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Cleveland Indians Acquire Right-Handed Bat: A Fan’s Reaction
Canzler spent the 2011 season at Tampa Bay's Class AAA club, where he batted .314 with 40 doubles, 18 home runs, and 83 RBIs, stats which earned the hitter the International League's MVP Award, reports The Plain Dealer Indians beat reporter Paul Haynes. All in all, Russ Canzler holds the potential to greatly benefit the Cleveland Indians.
Two hot talking points for the Tribe throughout the offseason include the need for a right-handed bat and who will play first base come April. Heading into the 2012 season, the Cleveland Indians' projected lineup features six left-handed hitters and two switch hitters. A solid right-handed bat will give the team some welcomed variety. First base seems the most logical place to address this issue, as last year's first-baseman, Matt Laporta, will fight for his spot on the 2012 ballclub. Canzler plays first base, as well as third base, right field, and left field.
Personally, I found the coverage from Paul Hoynes and Cleveland Indians MLB website reporter Jordan Bastian potentially revealing. Bastian introduces Russ Canzler as a first baseman who happens to play other positions. On the other hand, Hoynes makes Canzler seem versatile like a utility player. While this may seem like semantics, the difference indicates what role on the Indians the acquired player will compete for—first base or bench player.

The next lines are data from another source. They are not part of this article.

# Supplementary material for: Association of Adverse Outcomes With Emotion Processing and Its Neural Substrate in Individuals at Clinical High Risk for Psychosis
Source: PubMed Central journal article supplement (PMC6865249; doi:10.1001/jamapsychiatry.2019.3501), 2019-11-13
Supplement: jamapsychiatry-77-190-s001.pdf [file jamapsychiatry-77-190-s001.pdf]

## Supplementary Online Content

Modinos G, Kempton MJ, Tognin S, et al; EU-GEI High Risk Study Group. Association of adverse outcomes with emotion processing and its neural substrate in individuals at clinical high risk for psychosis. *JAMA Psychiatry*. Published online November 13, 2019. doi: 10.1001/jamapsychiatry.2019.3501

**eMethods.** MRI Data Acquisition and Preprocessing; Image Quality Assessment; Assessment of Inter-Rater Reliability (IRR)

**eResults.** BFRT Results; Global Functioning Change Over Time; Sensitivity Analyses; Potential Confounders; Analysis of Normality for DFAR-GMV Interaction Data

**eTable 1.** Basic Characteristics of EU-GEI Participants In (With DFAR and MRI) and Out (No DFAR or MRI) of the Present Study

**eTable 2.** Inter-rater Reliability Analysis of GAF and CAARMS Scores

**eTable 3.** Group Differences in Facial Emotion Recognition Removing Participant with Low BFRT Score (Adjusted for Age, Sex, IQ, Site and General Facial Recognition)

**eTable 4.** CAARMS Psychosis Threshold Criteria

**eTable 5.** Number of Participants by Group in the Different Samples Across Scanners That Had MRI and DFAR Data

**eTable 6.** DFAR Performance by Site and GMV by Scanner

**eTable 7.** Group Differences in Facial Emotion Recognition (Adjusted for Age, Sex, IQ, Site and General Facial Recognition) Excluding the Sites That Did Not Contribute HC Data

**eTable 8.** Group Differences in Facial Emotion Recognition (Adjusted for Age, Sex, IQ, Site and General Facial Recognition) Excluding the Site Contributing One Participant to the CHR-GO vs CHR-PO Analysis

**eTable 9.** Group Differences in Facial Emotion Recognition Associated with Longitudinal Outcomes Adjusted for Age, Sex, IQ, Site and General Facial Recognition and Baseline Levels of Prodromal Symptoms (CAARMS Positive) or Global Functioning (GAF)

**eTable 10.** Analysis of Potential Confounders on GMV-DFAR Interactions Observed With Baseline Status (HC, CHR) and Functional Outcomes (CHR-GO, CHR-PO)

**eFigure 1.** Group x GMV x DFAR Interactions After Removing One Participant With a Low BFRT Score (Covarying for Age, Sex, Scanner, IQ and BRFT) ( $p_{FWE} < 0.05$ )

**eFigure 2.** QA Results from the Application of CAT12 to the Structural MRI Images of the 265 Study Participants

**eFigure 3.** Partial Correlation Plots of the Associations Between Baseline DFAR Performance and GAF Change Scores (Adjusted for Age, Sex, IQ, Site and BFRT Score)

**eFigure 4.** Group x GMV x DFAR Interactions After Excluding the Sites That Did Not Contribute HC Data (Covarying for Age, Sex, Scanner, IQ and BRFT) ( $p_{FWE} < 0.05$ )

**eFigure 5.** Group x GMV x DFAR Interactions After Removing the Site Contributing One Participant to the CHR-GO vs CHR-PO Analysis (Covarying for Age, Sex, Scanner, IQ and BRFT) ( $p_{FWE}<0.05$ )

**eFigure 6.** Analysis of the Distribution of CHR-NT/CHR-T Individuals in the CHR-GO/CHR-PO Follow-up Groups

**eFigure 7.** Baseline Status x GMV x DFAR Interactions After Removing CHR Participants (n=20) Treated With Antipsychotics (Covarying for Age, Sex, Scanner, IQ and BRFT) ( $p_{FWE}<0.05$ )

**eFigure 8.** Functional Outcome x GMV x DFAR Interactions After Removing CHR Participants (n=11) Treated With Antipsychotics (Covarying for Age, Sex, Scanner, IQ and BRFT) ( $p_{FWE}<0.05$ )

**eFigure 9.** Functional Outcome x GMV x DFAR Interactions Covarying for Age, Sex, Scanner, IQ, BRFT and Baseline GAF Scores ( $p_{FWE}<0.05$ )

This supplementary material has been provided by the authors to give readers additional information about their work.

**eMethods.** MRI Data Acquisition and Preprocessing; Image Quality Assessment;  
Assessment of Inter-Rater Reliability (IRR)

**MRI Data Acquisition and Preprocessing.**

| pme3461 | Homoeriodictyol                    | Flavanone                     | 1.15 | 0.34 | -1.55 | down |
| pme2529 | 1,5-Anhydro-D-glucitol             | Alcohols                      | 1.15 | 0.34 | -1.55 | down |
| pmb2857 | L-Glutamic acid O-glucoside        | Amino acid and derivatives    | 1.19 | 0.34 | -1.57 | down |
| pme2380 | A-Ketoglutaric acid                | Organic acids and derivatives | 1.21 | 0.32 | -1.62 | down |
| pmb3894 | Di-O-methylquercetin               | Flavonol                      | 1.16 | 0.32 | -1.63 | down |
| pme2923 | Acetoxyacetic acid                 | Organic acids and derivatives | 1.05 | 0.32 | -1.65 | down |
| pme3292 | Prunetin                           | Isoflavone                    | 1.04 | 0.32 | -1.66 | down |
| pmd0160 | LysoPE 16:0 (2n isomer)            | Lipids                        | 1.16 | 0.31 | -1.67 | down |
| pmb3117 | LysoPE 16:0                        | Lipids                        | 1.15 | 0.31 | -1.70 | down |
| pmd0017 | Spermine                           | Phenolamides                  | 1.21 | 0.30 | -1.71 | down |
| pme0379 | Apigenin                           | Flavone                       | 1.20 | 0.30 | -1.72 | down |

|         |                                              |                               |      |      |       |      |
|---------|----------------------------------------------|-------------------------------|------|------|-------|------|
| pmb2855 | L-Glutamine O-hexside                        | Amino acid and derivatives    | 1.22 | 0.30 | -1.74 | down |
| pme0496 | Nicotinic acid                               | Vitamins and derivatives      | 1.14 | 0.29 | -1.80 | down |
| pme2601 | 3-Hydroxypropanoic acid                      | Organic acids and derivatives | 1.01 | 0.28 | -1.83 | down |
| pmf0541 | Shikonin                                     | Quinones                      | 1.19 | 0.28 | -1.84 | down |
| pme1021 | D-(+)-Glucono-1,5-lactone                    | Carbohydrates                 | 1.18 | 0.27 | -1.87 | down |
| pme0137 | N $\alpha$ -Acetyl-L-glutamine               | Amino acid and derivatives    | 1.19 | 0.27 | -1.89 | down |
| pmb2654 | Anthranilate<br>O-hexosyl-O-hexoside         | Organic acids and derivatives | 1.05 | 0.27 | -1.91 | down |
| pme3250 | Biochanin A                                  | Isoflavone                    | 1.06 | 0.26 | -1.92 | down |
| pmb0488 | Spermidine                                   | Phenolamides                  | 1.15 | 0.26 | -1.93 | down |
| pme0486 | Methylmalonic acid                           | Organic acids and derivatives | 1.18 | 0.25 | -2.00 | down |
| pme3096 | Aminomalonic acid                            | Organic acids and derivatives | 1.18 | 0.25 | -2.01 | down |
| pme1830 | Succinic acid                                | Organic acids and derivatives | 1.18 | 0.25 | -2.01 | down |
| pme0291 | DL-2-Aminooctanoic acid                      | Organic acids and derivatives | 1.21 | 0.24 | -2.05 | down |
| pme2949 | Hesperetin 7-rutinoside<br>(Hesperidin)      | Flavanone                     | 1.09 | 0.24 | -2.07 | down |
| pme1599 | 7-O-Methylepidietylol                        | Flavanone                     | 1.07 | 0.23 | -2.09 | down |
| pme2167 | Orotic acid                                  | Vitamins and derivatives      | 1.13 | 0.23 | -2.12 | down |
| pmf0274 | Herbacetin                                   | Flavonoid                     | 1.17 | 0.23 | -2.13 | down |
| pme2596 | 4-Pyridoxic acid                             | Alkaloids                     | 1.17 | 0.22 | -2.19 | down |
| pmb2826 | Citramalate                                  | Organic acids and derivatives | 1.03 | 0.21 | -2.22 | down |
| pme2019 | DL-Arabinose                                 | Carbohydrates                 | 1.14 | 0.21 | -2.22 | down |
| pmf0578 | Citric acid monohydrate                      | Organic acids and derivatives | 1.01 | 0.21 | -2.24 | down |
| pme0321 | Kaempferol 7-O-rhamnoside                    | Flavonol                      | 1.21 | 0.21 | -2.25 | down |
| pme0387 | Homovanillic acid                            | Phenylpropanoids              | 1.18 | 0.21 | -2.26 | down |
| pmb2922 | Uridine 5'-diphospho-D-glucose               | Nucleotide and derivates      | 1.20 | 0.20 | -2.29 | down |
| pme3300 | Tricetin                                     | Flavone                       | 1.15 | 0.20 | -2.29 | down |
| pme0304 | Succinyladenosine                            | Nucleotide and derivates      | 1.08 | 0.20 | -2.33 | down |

Despite the potential benefits Russ Canzler can bring the Cleveland Indians, I believe the acquisition adds new questions to an already questionable ballclub. Between the team's youth and injury prone veterans, the Cleveland Indians' offense fails to provide a serious threat. Center fielder Grady Sizemore and designated hitter Travis Hafner, who add an impactful presence to the Tribe lineup, have piled up more medicals records over the past few years than MLB stats. You can't help but wonder if shortstop Asdrubal Cabrera, who experienced a career season in 2011, can supply a repeat performance in 2012. Russ Canzler joins potential third baseman Lonnie Chisenhall as unproven talent on the major keague level.
Simply put, the Indians still lack the stability needed to guarantee contention.
Zachary Fenell fell in love with the Cleveland Indians during the 1995 season when the Tribe powered their way to the organization's first World Series appearance since 1954. While the Indians lost some lure since the 1990s you will still find Zachary watching the games on TV, listening to them on the radio, or best yet taking in a game from the stands at Progressive Field.
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